At most universities in the United States, spring break is already underway. But for us Drexel Dragons, there’s still a little more ground for us to trek before we reach the light at the end of the tunnel.
I’ve always said that the one-week breaks we get between our ten-week quarters are far too short and don’t allow us to really catch our breath before a new quarter starts. I wrote an article about that very issue a while back, but I didn’t have a way to actually fix that problem, as there are reasons why Drexel can’t simply extend the break period from one week to two.
But that issue aside, I having a feeling this spring break is going to be filled with a lot more anticipation as we wait to find out if spring quarter will be entirely online due to the spreading coronavirus, more formally known as COVID-19. In an email sent out by President Fry, with the subject “Spring Break Lengthened, Online Courses for Start of Spring Quarter, Campus to Remain Open.” In this email, it was confirmed that spring break will be extended by a week and spring quarter’s classes will be taught online. This information made me really ponder what the future quarter is going to look like, and what we should be expecting.
I don’t mind three weeks of classes being held online, but it would be a shame if my last quarter at Drexel took place entirely online. For me, the majority of the fun to be had in classes comes from being in a room with a bunch of people you don’t know, and then seeing how things develop over the term. And I know I’m not alone here. A lot of people stay away from online classes because they have a high preference for face-to-face classes. Some people just don’t do well in online classes because assignments and deadlines are handled differently in an online format. It can be easy to forget about work you have to do when you don’t get a friendly reminder from the professor at the end of class about what is due next week.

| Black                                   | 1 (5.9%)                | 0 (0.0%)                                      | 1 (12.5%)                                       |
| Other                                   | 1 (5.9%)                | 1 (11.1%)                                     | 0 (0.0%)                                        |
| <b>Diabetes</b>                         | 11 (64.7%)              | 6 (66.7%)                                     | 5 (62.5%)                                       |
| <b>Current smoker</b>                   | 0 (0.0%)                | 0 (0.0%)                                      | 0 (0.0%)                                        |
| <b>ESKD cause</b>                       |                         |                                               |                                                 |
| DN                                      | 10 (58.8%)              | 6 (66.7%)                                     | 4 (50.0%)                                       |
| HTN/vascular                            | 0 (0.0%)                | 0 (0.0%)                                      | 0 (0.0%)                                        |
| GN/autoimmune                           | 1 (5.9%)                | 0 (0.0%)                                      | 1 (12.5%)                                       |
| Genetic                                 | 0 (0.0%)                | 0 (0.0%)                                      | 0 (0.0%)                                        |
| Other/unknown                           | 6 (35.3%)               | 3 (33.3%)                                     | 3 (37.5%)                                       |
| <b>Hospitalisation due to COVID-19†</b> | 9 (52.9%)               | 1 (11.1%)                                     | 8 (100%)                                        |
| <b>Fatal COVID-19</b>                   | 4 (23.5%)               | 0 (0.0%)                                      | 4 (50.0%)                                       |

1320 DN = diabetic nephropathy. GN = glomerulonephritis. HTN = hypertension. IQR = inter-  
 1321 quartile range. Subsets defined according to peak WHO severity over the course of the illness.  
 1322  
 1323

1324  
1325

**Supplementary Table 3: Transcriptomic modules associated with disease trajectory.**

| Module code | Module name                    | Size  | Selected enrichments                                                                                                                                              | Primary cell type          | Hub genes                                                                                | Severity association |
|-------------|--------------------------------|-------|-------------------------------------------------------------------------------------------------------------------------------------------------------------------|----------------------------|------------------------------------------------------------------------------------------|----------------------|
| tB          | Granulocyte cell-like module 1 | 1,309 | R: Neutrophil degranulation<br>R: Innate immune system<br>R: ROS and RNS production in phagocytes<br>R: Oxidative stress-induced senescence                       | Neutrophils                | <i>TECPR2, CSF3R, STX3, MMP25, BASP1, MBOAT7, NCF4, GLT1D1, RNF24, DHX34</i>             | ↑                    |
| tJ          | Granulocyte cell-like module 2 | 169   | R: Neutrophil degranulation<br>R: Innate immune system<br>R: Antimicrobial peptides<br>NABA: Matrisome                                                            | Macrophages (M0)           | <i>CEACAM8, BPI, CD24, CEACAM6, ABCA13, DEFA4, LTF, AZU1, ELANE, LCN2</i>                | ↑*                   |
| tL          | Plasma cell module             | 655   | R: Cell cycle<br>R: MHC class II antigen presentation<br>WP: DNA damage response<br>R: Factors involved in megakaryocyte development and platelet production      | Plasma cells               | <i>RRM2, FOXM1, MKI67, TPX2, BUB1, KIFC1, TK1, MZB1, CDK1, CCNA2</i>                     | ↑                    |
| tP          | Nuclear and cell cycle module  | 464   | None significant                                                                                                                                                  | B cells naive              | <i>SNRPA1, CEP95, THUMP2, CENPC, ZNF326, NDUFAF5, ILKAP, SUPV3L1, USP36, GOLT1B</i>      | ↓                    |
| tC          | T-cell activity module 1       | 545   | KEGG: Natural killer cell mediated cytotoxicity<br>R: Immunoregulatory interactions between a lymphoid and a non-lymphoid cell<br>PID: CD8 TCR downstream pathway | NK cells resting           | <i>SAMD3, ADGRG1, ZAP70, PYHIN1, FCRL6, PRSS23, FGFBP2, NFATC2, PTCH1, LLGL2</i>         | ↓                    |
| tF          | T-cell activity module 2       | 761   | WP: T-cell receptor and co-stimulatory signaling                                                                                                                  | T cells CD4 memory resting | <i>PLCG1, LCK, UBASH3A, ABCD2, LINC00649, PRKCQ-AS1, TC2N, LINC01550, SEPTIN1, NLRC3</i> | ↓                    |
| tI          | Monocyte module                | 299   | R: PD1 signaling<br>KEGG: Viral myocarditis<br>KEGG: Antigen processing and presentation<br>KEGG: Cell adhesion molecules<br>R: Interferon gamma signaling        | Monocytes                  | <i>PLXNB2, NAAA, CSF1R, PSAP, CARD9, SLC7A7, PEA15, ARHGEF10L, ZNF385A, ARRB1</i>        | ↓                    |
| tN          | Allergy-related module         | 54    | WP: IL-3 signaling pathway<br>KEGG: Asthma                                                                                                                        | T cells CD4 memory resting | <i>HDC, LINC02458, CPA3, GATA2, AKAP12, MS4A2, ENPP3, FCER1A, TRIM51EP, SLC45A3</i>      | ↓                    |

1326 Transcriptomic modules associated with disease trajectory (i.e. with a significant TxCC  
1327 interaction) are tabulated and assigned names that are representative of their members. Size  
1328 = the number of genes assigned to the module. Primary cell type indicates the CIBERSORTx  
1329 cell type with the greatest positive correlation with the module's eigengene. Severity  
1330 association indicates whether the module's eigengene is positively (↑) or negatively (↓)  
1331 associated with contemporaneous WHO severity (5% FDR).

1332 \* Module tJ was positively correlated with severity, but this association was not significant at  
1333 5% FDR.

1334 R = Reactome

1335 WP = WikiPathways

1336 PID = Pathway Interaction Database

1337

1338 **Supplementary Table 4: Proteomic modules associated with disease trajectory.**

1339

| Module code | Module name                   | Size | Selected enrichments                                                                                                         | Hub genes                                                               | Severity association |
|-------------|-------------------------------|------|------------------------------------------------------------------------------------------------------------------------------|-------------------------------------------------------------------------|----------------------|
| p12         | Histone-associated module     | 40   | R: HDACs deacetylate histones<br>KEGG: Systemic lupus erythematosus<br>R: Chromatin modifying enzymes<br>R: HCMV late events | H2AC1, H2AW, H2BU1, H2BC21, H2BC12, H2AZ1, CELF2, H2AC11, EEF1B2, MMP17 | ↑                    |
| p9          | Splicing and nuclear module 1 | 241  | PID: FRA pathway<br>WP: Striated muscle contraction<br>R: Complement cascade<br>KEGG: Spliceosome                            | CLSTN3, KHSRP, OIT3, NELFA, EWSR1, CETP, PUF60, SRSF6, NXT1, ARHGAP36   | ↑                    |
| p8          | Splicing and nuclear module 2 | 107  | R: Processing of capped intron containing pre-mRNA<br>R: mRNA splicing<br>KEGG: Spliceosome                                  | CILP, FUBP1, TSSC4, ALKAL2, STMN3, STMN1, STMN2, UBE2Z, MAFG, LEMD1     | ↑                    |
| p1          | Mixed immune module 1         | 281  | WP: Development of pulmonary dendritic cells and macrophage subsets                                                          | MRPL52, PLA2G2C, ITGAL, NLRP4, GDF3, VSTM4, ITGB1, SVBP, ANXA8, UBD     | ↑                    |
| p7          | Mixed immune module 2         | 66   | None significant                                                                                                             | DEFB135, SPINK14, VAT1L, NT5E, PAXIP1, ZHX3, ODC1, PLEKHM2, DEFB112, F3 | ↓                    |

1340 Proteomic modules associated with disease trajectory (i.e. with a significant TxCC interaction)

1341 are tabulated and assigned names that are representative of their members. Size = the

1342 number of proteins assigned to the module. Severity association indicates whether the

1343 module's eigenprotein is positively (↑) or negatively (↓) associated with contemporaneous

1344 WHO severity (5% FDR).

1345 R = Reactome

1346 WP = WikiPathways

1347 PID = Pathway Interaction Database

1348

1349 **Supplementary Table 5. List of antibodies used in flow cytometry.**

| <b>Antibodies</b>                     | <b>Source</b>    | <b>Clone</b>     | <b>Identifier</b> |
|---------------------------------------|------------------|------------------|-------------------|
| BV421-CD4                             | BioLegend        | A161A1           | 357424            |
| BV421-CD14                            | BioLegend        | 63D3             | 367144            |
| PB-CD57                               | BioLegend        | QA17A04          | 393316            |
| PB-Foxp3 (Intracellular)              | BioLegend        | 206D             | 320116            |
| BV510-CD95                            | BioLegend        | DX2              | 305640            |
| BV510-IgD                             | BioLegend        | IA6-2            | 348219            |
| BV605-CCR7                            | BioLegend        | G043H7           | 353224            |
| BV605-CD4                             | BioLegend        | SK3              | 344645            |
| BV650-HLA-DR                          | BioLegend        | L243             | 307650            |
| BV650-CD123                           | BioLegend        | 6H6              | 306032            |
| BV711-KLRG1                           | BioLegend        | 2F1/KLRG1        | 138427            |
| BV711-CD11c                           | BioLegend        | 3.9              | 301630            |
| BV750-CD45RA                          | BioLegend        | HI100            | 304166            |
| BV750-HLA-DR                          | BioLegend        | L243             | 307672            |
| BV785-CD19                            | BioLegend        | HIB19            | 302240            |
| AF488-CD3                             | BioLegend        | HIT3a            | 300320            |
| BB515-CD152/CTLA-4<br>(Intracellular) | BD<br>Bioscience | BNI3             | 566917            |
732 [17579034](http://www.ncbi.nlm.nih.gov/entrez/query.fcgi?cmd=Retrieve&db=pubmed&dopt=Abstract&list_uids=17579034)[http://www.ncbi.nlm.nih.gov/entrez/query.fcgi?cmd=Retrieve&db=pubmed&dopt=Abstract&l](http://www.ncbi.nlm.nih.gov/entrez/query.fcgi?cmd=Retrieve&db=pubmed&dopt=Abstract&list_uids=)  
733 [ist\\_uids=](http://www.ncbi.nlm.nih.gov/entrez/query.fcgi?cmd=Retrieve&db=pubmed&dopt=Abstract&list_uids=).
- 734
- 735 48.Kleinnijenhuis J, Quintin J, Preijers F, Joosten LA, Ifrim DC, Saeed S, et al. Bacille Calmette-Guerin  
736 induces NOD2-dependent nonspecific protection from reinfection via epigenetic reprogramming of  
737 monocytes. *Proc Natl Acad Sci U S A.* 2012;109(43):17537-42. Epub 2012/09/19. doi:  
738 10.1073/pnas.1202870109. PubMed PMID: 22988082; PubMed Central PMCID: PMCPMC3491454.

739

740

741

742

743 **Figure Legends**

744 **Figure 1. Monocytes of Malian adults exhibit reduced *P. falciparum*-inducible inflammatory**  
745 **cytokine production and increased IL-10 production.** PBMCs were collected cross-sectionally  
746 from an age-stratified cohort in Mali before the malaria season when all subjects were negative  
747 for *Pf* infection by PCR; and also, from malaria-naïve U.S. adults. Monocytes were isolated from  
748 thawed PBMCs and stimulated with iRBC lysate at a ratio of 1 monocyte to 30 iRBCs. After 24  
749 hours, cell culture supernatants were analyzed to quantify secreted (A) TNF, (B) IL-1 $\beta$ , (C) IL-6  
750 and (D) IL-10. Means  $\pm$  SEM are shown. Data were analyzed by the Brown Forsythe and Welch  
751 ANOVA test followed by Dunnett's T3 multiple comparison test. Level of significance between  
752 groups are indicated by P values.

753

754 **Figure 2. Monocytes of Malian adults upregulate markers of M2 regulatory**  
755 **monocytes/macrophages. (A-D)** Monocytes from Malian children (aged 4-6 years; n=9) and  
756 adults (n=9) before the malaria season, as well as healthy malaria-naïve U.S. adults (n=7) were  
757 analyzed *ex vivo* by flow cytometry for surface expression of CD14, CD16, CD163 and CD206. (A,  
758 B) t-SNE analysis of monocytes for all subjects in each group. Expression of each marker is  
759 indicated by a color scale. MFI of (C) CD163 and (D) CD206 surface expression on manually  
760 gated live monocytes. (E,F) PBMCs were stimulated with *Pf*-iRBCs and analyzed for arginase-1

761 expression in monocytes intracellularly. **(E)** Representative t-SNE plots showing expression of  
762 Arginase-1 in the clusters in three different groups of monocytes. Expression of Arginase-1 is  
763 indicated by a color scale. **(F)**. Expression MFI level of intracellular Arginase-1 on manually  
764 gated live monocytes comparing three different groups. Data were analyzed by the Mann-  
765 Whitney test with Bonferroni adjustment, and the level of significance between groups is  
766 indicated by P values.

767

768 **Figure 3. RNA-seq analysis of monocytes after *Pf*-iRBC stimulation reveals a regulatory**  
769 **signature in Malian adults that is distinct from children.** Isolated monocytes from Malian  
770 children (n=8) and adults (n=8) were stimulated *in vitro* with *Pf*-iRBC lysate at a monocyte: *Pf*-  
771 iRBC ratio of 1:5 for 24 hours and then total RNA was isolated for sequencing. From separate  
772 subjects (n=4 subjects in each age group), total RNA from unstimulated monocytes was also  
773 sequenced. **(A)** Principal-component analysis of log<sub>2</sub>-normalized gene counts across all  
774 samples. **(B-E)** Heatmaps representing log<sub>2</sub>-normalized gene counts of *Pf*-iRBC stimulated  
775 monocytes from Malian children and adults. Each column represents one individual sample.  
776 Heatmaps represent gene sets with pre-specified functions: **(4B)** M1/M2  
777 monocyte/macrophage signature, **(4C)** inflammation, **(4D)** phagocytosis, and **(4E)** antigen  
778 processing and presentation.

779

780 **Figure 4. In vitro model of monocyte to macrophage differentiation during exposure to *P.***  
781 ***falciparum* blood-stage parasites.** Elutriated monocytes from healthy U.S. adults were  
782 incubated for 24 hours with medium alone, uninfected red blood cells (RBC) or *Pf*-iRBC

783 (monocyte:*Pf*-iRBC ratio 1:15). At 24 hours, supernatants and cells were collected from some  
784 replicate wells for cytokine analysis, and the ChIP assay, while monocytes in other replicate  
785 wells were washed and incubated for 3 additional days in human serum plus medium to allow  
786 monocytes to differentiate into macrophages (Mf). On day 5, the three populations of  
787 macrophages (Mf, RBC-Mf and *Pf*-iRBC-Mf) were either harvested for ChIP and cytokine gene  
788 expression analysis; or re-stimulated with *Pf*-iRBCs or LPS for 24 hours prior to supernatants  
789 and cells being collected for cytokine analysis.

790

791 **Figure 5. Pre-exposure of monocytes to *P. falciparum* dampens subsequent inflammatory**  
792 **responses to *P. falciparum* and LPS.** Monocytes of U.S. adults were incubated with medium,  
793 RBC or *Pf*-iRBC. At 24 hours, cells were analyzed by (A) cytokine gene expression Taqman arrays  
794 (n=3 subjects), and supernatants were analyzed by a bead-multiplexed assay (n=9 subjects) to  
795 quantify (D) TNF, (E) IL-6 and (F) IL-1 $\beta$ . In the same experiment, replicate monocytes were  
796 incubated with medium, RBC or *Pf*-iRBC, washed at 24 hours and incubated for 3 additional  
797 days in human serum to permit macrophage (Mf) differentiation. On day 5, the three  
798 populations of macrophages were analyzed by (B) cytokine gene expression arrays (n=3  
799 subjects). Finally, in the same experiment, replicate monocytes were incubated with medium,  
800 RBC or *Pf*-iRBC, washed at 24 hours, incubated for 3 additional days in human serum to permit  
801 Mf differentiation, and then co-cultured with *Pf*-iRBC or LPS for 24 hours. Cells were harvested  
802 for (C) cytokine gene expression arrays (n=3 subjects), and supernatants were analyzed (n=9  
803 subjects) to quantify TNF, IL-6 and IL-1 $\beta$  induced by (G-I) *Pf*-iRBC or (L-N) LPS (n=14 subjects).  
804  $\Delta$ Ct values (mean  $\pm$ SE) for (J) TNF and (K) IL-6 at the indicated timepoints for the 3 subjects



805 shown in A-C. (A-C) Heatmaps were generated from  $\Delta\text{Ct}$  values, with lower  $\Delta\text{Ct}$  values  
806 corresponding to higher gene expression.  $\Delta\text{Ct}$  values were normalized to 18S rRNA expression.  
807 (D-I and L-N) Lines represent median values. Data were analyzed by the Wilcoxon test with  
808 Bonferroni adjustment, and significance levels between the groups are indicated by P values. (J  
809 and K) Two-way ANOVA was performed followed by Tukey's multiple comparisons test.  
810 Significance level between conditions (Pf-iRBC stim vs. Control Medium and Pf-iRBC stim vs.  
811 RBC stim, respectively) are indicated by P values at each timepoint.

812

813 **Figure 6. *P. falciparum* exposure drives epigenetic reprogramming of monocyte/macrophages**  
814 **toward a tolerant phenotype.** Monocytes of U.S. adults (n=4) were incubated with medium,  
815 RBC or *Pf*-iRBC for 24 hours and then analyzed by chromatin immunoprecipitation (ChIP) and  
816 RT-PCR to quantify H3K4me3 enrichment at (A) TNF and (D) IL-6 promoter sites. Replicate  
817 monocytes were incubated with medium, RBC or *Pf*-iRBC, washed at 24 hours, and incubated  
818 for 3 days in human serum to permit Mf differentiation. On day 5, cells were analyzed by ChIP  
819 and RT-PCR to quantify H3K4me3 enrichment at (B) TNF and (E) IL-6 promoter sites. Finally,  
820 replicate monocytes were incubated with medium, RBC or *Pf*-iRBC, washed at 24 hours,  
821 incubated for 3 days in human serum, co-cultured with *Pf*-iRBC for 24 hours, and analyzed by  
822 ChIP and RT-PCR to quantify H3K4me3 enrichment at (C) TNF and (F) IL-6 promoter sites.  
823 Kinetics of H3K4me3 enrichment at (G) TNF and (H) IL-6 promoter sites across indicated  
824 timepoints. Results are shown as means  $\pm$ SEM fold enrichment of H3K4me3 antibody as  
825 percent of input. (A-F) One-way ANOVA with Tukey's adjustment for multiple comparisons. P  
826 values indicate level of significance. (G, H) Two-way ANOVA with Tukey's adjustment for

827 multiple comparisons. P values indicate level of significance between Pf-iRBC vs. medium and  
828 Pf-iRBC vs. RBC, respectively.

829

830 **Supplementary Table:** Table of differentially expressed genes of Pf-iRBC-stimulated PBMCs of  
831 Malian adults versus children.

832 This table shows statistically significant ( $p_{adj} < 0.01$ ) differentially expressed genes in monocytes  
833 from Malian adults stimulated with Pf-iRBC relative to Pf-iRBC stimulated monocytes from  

Furthermore, there are some classes that just do not work well in an online format. English classes are fairly easy to do online because it’s primarily reading and writing, but I’d imagine that for certain majors, this isn’t the case. You also have to consider that some professors will be just as unfamiliar and uncomfortable with using Drexel Learn to teach their classes. I wrote an article last week discussing the benefits that come with taking an online class, but I think having an entire term take place online is a bit much.
I fully understand that the coronavirus should not be taken lightly, and personally I wouldn’t mind this final term being completely online if that means more people will be safe and more lives will potentially be saved. My only worry is about how well the change will be executed if the decision is made to move online. I could see it easily working for a week or two, but for 10 weeks? That’s a large stretch of time to maintain such a big change.
If it does end up happening, we’re all going to have to do some heavy adapting. Otherwise, things won’t go so well. I remember in my sophomore year, I had a class that I was doing fairly well in for the first two or three weeks, but it got switched to an online class about halfway through for various reasons. From that point on, I pretty much bombed the class and had to withdraw. Obviously my experience doesn’t speak for everyone, but if you’re a student who has never taken an online class before, I would definitely advise you to do some research online about how online classes work because they can be an entirely different world from face-to-face classes. In my opinion, you have nothing to lose by taking some time to prepare yourself for such a massive change in your educational experience.
Hopefully, spring quarter won’t have to be held entirely online, but if that becomes the reality, then we’re going to have to work through it whether we want to or not. I’m expecting it to be a bit tedious and probably frustrating at first, but on the upside, none of us will have to worry about waking up early in the morning and getting dressed for those dreaded 8 a.m. lectures.